(KXAN) — A unique and rarely used warning was issued several times as Hurricane Ida moved through southeastern Louisiana on Sunday — an Extreme Wind Warning.
According to the National Weather Service, an Extreme Wind Warning is issued to provide the public with advance notice of the onset of extreme, sustained surface winds (greater than or equal to 115 miles per hour) in association with a major landfalling hurricane (this is Category 3 or higher on the Saffir-Simpson Hurricane Wind Scale).
Before Hurricane Ida, the New Orleans National Weather Service Office had never issued Extreme Wind Warnings before. Through 7 p.m. Central Time on Sunday they had issued four separate Extreme Wind Warnings.
Extreme wind warnings are a fairly recent addition to the collection of warnings issued by the National Weather Service. According to this document from the National Weather Service, the need for Extreme Wind Warnings started back in 2004.
“The need for an Extreme Wind Warning emerged in 2004 when Hurricane Charley moved
across the Florida peninsula and over the Orlando metropolitan area with sustained wind speeds in excess
of 100 miles per hour. Because extreme winds were forecast to impact the interior portions of Florida,
NWS forecasters issued Tornado Warnings to provide a final warning for individuals to take immediate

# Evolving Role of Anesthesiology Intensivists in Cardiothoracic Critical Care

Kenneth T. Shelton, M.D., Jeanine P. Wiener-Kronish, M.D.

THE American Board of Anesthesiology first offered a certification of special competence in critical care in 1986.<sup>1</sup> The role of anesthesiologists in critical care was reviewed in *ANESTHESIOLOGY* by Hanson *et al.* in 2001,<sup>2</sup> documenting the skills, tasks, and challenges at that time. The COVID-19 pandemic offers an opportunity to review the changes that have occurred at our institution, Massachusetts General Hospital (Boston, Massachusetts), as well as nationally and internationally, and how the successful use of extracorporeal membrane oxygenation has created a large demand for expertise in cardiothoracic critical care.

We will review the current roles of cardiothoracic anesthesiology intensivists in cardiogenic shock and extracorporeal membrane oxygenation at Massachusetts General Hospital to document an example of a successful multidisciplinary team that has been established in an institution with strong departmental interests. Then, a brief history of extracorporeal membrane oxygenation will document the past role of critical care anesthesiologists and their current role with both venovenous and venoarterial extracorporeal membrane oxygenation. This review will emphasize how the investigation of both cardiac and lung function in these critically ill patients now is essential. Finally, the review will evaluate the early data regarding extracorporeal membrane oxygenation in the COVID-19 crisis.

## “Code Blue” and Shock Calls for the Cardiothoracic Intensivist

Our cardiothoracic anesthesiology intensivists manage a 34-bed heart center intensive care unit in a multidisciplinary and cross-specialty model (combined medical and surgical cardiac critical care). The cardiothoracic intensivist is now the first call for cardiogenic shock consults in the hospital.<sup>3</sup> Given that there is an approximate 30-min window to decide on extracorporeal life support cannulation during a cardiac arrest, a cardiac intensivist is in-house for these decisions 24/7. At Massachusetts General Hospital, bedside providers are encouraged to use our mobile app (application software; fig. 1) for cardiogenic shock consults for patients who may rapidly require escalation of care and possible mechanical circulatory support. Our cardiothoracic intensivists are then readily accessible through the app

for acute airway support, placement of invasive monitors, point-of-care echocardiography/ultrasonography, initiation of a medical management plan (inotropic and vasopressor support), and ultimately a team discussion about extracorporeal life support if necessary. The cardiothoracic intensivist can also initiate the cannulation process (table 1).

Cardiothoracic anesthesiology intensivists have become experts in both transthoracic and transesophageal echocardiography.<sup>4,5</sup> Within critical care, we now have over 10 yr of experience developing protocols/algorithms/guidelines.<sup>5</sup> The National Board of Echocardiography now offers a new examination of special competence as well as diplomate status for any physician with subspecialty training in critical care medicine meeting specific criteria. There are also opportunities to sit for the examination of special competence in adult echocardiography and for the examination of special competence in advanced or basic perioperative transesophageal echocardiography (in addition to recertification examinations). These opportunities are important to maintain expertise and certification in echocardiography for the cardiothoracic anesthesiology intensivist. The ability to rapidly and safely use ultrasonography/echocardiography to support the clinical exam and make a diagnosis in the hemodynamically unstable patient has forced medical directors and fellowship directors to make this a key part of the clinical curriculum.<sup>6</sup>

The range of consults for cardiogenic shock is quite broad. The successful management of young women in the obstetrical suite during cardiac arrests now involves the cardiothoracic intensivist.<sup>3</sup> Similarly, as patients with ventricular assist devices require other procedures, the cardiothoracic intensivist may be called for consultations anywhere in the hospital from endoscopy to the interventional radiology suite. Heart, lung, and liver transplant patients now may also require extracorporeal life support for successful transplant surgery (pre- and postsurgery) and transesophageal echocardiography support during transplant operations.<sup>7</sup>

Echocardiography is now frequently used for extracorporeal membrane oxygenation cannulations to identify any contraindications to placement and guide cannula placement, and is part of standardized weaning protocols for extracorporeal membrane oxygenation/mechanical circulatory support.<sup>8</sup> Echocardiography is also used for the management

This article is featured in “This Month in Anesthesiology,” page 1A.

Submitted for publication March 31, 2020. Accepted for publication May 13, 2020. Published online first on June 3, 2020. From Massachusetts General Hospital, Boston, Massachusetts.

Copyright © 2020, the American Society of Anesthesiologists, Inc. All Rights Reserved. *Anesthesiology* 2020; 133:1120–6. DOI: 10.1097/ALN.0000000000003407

The same happened in 2005 with Hurricane Katrina and more Tornado warnings were issued for high winds without a tornado expected. This added an element of confusion as there wasn’t an immediate tornado threat, but the warning came through as if there was.
In 2007, after extensive study, Extreme Wind Warnings were created to help warn of winds 115mph or greater associated with Category 3 major landfalling hurricanes. This map shows the National Weather Service offices where Extreme Wind Warnings are allowed to be issued.
In 2015 EAS (Emergency Alert System) codes were updated so that an Extreme Wind Warning or EWW would properly alert the public without confusion with a tornado.
Initially Extreme Wind Warnings were only to be used for winds associated with major landfalling hurricanes. More recently there have been discussions to include 115mph winds or greater coming from non-convective systems, downslope winds, and derecho winds, but no changes have been made to Extreme Wind Warnings YET.
The Austin-San Antonio National Weather Service Office is among the group of NWS offices allowed to issue Extreme Wind Warnings.
What to do if an Extreme Wind Warning Is Issued:
According to the National Weather Service: “Extreme Wind Warnings inform the public of the need to take immediate shelter in an interior portion of a well-built structure due to the onset of extremely strong winds. The issuance of an Extreme Wind Warning provides a last and final call for individuals to move to interior portions of sturdy structures in order to minimize injuries or loss of life.”